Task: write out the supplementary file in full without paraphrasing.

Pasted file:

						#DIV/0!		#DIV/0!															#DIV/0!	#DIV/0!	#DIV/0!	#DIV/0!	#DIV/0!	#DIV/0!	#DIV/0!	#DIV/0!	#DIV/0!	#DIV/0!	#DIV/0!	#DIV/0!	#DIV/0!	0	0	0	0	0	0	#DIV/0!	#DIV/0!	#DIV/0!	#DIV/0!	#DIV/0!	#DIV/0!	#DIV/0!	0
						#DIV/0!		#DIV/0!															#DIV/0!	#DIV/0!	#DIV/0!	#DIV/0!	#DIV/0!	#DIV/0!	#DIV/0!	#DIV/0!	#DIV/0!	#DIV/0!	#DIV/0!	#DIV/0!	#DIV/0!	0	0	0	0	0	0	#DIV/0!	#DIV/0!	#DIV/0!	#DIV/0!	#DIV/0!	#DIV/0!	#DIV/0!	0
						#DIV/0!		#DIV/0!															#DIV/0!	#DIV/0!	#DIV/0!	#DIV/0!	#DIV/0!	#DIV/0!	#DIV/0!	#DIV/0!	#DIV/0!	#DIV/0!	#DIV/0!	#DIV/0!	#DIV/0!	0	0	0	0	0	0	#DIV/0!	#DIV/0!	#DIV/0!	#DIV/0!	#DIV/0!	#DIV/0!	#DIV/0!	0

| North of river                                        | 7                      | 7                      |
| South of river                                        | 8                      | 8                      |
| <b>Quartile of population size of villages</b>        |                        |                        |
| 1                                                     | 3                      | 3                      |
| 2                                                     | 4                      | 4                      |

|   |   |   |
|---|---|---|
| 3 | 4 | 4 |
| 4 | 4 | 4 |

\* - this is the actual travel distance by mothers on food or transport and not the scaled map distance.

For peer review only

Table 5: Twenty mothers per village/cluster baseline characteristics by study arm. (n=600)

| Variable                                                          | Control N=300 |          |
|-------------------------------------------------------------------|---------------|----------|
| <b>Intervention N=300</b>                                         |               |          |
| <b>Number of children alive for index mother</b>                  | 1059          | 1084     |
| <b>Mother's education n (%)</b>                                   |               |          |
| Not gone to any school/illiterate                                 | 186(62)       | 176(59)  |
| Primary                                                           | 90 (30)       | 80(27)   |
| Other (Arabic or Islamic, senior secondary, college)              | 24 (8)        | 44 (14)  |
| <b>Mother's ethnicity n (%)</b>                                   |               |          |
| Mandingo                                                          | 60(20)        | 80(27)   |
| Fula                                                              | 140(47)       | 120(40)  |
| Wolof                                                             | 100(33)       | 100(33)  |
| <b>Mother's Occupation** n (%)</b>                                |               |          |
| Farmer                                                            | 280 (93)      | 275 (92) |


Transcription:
						#DIV/0!		#DIV/0!															#DIV/0!	#DIV/0!	#DIV/0!	#DIV/0!	#DIV/0!	#DIV/0!	#DIV/0!	#DIV/0!	#DIV/0!	#DIV/0!	#DIV/0!	#DIV/0!	#DIV/0!	0	0	0	0	0	0	#DIV/0!	#DIV/0!	#DIV/0!	#DIV/0!	#DIV/0!	#DIV/0!	#DIV/0!	0
						#DIV/0!		#DIV/0!															#DIV/0!	#DIV/0!	#DIV/0!	#DIV/0!	#DIV/0!	#DIV/0!	#DIV/0!	#DIV/0!	#DIV/0!	#DIV/0!	#DIV/0!	#DIV/0!	#DIV/0!	0	0	0	0	0	0	#DIV/0!	#DIV/0!	#DIV/0!	#DIV/0!	#DIV/0!	#DIV/0!	#DIV/0!	0
						#DIV/0!		#DIV/0!															#DIV/0!	#DIV/0!	#DIV/0!	#DIV/0!	#DIV/0!	#DIV/0!	#DIV/0!	#DIV/0!	#DIV/0!	#DIV/0!	#DIV/0!	#DIV/0!	#DIV/0!	0	0	0	0	0	0	#DIV/0!	#DIV/0!	#DIV/0!	#DIV/0!	#DIV/0!	#DIV/0!	#DIV/0!	0

| North of river                                        | 7                      | 7                      |
| South of river                                        | 8                      | 8                      |
| <b>Quartile of population size of villages</b>        |                        |                        |
| 1                                                     | 3                      | 3                      |
| 2                                                     | 4                      | 4                      |

|   |   |   |
|---|---|---|
| 3 | 4 | 4 |
| 4 | 4 | 4 |

\* - this is the actual travel distance by mothers on food or transport and not the scaled map distance.

For peer review only

Table 5: Twenty mothers per village/cluster baseline characteristics by study arm. (n=600)

| Variable                                                          | Control N=300 |          |
|-------------------------------------------------------------------|---------------|----------|
| <b>Intervention N=300</b>                                         |               |          |
| <b>Number of children alive for index mother</b>                  | 1059          | 1084     |
| <b>Mother's education n (%)</b>                                   |               |          |
| Not gone to any school/illiterate                                 | 186(62)       | 176(59)  |
| Primary                                                           | 90 (30)       | 80(27)   |
| Other (Arabic or Islamic, senior secondary, college)              | 24 (8)        | 44 (14)  |
| <b>Mother's ethnicity n (%)</b>                                   |               |          |
| Mandingo                                                          | 60(20)        | 80(27)   |
| Fula                                                              | 140(47)       | 120(40)  |
| Wolof                                                             | 100(33)       | 100(33)  |
| <b>Mother's Occupation** n (%)</b>                                |               |          |
| Farmer                                                            | 280 (93)      | 275 (92) |